More News Corp. Investors Join Drive to Oust Rupert Murdoch as Chairman (Report)
The conglomerate's planned split provides a chance for "serious governance reform," including an independent chairman, they say.
LONDON - A group of 18 News Corp. investors has signaled it plans to join activist shareholders in voting against founder and chairman Rupert Murdoch at the entertainment conglomerate's shareholder meeting this fall, the Daily Telegraph reported.
They said that the planned split into an entertainment and a publishing company presents an opportunity for News Corp. to improve its corporate governance, including the independence of its board of directors.
The group of investment firms includes Legal & General Investment Management, Co-Operative Asset Management and Aviva and holds some 13.4 million Class A shares in the company, it said.
In a letter to Murdoch, they have declared that they would back a motion filed by the Local Authority Pension Fund Forum in the U.K. and Christian Brothers Investment Services in the U.S. that calls for an independent chairman. Amid the company's phone hacking scandal, the investors want News Corp. to address what they called its “lax ethical culture and lack of effective board oversight."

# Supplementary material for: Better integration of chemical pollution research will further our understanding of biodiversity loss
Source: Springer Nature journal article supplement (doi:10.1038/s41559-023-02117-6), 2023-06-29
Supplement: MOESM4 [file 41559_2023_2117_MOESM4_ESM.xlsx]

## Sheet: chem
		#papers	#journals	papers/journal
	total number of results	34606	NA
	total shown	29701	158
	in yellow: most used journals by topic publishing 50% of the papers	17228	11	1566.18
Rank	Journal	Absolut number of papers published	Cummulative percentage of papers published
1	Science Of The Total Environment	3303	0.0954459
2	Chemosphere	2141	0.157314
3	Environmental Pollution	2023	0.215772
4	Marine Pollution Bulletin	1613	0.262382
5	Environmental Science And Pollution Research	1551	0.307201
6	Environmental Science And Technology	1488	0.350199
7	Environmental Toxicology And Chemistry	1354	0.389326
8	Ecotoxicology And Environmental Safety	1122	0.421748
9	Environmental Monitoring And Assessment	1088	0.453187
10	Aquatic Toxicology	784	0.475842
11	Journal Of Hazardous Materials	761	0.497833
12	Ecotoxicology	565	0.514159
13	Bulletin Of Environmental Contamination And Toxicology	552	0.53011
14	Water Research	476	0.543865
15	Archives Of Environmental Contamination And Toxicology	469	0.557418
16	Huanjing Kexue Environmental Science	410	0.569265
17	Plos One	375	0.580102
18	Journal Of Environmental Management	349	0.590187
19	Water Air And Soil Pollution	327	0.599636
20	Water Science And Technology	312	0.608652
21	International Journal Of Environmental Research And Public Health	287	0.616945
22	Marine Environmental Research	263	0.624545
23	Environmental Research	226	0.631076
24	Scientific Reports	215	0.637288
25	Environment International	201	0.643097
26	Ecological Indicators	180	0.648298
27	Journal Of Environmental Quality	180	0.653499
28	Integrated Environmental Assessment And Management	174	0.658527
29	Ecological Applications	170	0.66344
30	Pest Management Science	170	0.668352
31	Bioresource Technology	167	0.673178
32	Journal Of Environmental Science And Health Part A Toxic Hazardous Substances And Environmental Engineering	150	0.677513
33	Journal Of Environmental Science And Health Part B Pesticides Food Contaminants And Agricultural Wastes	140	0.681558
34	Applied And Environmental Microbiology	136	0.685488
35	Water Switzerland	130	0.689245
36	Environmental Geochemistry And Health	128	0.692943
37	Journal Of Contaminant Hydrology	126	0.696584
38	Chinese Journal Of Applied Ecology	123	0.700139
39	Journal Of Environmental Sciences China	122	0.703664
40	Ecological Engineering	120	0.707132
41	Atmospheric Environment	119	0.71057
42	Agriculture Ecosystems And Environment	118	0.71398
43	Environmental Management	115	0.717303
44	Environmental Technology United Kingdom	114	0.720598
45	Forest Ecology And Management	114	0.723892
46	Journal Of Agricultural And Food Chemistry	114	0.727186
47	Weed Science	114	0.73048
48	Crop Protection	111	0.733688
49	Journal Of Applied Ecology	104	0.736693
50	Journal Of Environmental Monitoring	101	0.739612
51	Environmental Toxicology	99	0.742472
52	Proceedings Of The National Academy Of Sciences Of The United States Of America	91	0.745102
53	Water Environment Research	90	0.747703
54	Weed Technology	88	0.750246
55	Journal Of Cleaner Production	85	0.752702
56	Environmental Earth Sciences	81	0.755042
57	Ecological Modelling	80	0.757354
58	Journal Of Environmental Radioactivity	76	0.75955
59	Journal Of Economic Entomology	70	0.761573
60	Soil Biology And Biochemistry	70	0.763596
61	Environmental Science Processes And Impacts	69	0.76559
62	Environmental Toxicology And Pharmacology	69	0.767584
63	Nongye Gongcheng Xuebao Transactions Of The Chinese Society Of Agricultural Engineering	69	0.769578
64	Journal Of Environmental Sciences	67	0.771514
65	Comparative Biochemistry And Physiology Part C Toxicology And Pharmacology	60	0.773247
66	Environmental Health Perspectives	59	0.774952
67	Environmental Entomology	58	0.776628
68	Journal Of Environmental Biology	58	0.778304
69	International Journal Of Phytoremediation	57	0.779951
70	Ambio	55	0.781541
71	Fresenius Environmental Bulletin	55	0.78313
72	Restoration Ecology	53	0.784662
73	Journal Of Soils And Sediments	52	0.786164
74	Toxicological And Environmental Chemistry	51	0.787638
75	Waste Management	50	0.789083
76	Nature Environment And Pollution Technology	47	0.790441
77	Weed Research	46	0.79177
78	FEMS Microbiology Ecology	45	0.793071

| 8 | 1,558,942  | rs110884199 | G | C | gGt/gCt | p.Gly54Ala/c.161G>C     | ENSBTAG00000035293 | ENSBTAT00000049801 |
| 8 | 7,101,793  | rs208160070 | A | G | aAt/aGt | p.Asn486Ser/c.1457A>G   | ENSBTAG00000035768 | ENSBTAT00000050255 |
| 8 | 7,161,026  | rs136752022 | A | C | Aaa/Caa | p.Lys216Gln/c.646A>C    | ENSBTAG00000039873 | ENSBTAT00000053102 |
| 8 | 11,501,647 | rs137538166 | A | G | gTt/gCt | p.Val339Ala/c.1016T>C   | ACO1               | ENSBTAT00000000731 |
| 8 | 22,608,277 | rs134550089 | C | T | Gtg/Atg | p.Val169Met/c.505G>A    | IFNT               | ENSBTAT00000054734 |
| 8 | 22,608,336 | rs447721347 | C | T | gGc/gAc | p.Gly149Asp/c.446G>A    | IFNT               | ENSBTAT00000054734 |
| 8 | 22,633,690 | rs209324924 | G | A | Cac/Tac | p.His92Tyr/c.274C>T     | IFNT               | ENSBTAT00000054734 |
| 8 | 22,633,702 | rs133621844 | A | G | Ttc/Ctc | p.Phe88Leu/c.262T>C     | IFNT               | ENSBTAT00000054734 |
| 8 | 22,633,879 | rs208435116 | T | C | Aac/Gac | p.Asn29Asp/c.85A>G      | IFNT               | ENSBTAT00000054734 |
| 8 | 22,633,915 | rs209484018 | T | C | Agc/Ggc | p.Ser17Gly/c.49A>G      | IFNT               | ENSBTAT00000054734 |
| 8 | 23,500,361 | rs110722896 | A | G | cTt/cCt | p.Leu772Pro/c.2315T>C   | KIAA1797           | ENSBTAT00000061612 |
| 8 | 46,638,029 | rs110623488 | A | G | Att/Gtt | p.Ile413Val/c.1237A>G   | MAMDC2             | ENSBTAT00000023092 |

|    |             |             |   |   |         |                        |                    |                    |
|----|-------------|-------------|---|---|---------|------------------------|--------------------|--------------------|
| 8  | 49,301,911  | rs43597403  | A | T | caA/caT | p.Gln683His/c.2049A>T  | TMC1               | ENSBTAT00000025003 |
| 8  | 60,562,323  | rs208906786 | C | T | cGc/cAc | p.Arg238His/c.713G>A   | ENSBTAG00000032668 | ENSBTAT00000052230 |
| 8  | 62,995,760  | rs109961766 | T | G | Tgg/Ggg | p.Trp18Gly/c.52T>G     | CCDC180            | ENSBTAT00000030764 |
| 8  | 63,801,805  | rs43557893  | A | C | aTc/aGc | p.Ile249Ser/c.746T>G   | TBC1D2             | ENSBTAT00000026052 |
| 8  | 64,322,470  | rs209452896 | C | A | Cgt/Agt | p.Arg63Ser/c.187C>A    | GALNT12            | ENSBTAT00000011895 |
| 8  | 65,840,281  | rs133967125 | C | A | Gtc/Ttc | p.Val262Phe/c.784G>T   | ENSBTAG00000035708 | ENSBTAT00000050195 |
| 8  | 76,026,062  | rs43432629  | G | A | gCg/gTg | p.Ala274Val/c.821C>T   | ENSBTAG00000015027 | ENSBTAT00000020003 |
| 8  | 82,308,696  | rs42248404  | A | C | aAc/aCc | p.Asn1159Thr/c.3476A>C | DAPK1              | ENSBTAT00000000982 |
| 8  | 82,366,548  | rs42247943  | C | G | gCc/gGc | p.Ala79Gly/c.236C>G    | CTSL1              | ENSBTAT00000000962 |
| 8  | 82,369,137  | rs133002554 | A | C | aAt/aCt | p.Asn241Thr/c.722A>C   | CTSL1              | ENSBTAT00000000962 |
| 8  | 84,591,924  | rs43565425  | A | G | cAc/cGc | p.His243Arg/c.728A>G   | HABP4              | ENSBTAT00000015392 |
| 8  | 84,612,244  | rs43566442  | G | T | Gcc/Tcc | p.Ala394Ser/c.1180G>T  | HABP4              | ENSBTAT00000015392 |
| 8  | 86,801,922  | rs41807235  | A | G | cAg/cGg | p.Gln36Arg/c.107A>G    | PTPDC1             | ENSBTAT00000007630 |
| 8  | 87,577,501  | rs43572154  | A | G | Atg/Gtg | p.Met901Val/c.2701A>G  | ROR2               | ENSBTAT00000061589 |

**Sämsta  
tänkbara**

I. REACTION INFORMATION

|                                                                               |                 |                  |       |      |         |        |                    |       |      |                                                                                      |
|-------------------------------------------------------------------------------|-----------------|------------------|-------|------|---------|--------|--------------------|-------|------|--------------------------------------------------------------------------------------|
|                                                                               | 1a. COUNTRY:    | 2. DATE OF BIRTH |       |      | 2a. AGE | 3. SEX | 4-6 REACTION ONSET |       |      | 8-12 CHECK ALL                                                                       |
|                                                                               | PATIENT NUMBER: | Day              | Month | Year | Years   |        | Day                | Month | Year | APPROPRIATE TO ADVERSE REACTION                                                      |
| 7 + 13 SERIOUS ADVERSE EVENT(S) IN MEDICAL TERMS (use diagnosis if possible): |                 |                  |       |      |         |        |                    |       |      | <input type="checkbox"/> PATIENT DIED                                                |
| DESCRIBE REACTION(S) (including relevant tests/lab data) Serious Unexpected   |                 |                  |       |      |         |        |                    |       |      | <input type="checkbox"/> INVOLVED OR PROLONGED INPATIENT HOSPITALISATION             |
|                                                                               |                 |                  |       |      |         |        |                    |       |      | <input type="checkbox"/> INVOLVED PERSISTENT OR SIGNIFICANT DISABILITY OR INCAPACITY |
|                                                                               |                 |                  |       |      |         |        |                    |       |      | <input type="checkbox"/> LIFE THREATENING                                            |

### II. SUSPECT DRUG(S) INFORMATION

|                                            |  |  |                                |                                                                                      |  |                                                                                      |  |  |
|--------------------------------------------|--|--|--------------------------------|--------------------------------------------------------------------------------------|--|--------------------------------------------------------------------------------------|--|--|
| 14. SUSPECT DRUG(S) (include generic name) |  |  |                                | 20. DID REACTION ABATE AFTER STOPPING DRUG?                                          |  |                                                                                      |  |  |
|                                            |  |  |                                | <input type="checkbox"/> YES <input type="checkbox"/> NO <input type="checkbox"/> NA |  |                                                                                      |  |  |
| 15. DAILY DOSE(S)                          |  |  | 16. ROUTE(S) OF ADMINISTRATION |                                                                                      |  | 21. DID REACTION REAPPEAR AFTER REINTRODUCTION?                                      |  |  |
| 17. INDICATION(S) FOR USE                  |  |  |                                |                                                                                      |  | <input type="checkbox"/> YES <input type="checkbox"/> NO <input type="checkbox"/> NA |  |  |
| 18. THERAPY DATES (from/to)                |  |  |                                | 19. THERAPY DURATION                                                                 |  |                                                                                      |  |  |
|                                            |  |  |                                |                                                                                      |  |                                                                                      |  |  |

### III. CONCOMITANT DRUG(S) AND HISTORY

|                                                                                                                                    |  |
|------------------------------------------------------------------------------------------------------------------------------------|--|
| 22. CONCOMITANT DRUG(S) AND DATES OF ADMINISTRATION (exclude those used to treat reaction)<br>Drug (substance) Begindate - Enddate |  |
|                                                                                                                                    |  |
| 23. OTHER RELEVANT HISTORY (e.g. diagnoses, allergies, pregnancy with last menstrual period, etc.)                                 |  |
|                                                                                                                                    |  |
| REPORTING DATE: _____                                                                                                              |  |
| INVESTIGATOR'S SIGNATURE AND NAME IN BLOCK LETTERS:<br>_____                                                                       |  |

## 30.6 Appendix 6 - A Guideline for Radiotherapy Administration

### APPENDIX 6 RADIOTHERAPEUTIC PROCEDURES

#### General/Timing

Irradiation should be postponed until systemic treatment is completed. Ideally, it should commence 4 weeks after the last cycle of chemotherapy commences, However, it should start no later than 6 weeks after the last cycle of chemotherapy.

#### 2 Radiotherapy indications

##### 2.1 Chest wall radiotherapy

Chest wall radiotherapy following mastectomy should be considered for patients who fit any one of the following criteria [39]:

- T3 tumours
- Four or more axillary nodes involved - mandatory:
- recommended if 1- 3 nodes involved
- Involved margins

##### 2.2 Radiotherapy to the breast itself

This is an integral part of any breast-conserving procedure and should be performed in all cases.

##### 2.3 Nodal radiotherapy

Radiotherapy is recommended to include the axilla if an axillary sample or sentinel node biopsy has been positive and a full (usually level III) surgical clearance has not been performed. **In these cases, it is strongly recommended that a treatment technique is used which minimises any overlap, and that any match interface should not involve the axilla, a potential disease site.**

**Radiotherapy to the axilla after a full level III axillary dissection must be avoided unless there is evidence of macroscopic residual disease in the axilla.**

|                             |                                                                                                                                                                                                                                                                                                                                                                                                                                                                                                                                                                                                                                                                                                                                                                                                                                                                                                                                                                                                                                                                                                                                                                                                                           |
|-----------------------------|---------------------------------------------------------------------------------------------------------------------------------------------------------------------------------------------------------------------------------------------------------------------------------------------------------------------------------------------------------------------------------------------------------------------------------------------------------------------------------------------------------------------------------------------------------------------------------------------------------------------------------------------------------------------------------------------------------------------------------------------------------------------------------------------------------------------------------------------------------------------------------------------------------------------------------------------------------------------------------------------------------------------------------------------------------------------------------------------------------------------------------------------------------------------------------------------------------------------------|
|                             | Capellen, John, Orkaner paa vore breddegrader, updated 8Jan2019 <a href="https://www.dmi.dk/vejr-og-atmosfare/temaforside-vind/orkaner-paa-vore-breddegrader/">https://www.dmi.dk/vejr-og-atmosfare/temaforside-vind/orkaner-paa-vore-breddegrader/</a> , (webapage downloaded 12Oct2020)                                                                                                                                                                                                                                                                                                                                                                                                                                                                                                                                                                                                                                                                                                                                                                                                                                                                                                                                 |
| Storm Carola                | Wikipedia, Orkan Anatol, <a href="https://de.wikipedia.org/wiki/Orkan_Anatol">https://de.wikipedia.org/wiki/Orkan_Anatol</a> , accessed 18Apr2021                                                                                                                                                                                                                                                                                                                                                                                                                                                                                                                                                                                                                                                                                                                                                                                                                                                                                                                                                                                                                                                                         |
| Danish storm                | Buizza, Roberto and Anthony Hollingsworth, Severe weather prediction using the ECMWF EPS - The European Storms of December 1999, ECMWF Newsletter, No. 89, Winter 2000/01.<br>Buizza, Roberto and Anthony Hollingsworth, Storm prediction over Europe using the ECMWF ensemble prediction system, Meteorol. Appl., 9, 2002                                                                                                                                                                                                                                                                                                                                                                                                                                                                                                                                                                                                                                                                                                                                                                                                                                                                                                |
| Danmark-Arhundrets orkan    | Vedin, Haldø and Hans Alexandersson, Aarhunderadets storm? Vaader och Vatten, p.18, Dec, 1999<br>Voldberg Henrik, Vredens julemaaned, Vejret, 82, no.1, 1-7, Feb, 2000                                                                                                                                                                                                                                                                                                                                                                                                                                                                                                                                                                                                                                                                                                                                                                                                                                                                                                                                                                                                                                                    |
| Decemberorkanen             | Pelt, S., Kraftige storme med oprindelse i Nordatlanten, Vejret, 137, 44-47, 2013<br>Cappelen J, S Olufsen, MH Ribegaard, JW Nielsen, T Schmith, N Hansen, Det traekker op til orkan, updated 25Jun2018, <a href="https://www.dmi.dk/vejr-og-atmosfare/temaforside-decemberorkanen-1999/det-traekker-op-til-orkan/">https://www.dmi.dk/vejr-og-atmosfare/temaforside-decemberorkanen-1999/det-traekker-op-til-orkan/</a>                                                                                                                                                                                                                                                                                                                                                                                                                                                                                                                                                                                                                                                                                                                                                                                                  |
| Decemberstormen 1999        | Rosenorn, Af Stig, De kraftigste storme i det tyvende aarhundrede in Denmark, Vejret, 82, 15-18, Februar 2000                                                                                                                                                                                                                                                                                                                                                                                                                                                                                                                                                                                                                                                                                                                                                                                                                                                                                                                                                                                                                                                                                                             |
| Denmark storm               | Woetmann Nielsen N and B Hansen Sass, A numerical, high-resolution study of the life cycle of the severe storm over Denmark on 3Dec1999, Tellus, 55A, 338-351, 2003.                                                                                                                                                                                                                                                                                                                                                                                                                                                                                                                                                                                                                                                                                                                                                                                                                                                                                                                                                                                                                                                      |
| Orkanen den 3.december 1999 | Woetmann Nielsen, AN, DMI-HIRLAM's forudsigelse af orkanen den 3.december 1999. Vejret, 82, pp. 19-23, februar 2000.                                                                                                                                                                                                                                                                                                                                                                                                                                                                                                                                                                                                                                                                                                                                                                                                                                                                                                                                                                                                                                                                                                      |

The motion has been submitted for the annual meeting in LA on Oct. 21.
The Murdoch family together with long-time investor and ally Prince Alwaleed of Saudi Arabia, the company's second-largest investor, controls about half of the News Corp. shareholder vote. He has also had support from many institutional investors.
“Given the recent reputational, legal and regulatory risks brought about by allegations of phone hacking and payments to police officers by News Corp. subsidiaries…we believe the board is in need of independent leadership,” the Telegraph cited from the supporting letter.
The company's planned split provides “a unique opportunity for serious governance reform,” they argued.